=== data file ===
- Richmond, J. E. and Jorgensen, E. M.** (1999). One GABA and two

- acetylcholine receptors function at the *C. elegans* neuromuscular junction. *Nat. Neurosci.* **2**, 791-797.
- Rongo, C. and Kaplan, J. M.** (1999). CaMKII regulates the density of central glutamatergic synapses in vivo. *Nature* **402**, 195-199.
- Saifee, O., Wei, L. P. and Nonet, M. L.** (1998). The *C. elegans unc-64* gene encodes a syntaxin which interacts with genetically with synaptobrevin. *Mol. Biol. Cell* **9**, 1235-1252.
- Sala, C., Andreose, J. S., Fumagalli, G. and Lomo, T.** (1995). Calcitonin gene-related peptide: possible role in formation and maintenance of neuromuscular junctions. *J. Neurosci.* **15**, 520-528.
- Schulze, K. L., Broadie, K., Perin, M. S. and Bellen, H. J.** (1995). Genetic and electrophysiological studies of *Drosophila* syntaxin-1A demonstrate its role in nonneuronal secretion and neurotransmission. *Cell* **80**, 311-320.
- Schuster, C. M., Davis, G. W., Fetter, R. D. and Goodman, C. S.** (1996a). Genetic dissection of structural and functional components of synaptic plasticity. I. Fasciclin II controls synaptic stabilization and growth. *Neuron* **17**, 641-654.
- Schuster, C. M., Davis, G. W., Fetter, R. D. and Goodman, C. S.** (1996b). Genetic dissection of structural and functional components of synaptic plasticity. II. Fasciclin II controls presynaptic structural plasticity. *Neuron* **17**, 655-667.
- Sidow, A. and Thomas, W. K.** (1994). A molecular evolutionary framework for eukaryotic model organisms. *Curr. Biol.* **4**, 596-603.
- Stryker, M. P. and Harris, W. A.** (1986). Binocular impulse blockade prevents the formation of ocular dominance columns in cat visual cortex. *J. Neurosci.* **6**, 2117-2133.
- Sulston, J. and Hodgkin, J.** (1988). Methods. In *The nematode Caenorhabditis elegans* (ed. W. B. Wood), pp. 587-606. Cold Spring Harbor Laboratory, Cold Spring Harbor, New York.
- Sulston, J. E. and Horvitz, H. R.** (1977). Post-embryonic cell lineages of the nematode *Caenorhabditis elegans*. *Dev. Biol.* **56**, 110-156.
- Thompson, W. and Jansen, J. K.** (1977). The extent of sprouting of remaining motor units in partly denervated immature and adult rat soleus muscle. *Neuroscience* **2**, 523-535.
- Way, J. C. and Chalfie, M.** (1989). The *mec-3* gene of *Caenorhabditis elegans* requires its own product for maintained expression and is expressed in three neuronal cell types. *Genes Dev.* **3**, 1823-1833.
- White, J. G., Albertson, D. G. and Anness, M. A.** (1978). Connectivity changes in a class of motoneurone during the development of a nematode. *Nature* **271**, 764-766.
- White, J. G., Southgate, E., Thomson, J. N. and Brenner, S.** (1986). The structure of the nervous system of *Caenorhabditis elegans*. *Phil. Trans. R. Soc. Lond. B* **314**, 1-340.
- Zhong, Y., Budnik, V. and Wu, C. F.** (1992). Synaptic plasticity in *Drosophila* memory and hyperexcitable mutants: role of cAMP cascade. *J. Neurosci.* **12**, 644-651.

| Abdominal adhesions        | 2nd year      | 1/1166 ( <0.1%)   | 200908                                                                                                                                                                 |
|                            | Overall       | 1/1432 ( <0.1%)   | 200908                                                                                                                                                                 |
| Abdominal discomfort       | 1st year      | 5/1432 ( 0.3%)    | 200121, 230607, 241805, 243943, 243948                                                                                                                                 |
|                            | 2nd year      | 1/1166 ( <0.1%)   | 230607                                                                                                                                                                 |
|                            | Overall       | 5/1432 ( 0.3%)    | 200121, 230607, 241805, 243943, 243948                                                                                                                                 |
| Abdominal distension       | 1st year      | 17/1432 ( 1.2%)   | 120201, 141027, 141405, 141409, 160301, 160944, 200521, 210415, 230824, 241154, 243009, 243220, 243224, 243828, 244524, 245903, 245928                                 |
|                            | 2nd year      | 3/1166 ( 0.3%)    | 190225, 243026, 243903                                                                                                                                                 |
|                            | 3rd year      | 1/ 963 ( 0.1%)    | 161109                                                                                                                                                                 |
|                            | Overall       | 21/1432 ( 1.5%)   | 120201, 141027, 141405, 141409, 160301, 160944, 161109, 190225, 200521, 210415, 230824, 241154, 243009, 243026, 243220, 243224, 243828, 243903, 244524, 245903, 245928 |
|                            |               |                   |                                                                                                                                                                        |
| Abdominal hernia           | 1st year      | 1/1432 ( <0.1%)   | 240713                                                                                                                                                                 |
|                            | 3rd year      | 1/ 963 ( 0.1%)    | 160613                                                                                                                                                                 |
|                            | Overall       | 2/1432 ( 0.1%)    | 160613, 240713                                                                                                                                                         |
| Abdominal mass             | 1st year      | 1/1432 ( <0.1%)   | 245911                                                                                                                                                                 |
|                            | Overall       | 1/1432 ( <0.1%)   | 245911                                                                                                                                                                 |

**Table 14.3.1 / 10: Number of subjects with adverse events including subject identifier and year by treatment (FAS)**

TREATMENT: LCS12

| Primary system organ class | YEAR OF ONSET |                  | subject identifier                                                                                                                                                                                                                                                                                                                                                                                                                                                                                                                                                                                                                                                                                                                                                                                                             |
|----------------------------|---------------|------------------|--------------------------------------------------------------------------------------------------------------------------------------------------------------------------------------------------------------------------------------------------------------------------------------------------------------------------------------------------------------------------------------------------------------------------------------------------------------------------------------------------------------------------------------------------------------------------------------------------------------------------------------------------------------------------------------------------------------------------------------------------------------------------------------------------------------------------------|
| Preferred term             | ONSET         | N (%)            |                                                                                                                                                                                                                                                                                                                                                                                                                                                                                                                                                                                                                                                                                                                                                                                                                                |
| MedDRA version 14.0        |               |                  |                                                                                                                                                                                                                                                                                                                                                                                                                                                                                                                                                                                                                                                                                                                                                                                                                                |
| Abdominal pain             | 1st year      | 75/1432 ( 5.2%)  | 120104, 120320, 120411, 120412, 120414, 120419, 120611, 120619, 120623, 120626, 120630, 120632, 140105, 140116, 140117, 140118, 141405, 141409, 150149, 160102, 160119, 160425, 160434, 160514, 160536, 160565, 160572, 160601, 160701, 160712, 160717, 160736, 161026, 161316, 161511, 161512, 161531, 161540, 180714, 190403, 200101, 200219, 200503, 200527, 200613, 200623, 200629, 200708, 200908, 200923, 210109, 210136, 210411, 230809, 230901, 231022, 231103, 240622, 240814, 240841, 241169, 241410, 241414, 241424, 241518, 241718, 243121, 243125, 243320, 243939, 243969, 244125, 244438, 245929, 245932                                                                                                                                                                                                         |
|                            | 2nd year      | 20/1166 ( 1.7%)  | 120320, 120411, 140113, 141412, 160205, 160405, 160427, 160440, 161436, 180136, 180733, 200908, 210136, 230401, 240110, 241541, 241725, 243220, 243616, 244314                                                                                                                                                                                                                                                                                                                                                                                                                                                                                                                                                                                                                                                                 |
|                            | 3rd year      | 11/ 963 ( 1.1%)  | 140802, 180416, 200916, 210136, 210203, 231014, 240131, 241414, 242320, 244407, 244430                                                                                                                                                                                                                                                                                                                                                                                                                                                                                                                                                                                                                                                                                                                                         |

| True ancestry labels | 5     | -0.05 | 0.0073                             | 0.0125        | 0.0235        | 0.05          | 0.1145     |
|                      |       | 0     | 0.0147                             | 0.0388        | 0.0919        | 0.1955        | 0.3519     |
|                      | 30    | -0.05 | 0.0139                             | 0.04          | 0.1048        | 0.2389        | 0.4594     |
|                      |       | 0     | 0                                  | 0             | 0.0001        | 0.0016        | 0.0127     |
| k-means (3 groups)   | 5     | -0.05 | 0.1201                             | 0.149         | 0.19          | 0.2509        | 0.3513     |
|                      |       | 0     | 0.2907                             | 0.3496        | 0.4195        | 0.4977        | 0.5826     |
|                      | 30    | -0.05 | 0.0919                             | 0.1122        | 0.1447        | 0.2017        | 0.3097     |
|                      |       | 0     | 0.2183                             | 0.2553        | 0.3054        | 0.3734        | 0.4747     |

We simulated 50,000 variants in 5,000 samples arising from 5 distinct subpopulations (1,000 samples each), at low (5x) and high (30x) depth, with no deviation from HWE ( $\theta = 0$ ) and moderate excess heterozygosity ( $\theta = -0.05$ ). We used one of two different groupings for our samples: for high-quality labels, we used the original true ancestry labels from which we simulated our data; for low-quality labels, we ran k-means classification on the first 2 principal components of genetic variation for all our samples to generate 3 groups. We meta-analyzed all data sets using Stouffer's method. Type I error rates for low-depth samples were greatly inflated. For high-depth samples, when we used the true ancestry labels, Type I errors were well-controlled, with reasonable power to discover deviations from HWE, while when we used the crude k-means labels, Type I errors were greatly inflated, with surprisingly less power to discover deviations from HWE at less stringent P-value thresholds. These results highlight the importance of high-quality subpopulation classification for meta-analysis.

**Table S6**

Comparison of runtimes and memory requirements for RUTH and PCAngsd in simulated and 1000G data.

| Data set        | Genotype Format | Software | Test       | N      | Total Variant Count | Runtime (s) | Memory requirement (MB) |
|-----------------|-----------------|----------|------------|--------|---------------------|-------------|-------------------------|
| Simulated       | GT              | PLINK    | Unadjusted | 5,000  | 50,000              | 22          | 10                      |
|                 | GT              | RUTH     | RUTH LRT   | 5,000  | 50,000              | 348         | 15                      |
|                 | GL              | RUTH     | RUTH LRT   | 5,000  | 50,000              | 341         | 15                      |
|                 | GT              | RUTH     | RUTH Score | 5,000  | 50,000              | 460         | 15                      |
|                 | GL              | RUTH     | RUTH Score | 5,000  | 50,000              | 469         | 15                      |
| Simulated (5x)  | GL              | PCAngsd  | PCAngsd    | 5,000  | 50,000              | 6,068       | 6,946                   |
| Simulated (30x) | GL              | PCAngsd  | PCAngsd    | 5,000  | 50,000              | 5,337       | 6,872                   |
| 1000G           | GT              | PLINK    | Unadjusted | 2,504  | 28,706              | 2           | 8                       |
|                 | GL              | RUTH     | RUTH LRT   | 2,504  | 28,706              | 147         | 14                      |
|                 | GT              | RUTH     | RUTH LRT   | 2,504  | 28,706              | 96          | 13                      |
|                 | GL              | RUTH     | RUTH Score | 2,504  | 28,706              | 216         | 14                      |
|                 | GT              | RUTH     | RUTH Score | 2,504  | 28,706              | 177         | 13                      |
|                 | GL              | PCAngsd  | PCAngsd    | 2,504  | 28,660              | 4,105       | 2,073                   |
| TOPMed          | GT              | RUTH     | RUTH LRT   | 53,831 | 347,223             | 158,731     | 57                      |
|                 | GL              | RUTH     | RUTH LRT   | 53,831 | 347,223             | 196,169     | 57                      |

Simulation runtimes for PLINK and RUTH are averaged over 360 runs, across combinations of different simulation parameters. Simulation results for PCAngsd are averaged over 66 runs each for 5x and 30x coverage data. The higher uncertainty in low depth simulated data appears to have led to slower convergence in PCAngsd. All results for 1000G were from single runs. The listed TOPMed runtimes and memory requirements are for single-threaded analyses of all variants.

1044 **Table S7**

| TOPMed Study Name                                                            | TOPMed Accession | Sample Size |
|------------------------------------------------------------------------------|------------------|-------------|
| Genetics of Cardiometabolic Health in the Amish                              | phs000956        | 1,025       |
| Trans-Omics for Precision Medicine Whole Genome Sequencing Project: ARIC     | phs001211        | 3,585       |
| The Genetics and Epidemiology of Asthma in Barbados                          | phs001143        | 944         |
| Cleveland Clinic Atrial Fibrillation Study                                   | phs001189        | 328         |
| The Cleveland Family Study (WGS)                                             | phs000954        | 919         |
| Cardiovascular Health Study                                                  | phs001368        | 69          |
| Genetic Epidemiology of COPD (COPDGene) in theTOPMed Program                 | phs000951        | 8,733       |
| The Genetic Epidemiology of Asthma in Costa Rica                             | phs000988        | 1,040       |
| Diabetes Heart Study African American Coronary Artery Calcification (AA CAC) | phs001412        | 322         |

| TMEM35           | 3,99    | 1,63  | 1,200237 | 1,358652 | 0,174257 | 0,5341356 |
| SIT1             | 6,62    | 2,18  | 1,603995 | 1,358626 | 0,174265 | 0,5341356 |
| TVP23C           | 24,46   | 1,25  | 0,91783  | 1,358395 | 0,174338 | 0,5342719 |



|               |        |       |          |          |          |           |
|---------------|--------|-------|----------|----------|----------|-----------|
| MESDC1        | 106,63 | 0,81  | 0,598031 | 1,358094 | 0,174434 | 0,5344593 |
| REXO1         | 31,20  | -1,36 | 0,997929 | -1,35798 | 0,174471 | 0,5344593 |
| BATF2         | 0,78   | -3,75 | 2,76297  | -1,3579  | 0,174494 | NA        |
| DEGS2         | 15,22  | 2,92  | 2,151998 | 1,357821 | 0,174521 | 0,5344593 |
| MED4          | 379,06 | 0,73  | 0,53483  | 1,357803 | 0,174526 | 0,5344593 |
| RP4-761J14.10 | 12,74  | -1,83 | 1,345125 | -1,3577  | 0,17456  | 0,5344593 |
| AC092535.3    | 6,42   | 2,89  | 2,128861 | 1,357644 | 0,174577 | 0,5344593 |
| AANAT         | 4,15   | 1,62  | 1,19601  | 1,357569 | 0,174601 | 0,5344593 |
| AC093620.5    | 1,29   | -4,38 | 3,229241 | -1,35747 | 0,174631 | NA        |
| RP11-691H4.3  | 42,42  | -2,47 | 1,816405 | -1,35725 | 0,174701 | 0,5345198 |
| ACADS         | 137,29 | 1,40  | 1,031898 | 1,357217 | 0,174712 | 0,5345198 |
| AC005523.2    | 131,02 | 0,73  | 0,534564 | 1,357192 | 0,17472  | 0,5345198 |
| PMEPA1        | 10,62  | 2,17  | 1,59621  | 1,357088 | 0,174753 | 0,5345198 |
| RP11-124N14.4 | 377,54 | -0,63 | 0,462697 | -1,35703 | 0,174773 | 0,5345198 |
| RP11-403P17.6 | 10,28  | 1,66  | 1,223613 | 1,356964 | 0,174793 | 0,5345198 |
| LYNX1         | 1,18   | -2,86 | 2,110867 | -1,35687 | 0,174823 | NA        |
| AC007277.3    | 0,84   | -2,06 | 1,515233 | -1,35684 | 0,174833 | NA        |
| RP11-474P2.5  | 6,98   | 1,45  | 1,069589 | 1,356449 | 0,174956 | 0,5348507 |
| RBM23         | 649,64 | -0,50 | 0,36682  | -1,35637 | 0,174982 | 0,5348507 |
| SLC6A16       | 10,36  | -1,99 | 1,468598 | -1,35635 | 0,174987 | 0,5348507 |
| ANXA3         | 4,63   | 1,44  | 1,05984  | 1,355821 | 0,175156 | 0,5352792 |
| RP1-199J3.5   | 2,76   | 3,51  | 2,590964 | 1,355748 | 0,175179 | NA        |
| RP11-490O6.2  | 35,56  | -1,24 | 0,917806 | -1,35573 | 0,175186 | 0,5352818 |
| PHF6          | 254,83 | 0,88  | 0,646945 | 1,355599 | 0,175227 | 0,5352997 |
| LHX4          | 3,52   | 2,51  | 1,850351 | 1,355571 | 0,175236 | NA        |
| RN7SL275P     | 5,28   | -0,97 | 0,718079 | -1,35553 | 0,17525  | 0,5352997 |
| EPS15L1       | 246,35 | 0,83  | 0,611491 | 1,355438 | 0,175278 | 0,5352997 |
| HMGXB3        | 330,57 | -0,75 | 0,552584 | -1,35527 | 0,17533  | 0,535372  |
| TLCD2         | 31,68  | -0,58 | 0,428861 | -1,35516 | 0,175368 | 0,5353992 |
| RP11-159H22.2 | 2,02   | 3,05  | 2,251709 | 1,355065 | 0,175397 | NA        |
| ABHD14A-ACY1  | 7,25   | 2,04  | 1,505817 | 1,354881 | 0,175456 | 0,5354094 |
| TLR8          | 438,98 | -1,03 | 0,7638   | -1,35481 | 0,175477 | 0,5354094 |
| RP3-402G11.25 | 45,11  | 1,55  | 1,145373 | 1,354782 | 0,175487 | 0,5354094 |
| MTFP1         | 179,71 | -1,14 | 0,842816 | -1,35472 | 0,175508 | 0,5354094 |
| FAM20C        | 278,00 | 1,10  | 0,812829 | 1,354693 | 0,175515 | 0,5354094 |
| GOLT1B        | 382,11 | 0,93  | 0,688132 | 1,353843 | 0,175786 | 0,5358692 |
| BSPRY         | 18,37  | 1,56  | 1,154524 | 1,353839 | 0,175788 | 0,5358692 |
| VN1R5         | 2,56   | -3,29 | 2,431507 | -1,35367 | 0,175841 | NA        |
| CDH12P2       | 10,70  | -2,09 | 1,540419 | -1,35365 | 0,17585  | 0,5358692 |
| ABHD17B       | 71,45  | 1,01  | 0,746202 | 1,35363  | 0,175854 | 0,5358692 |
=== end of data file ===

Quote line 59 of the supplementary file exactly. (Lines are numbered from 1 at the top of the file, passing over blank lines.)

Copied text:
|                 | GL              | RUTH     | RUTH Score | 5,000  | 50,000              | 469         | 15                      |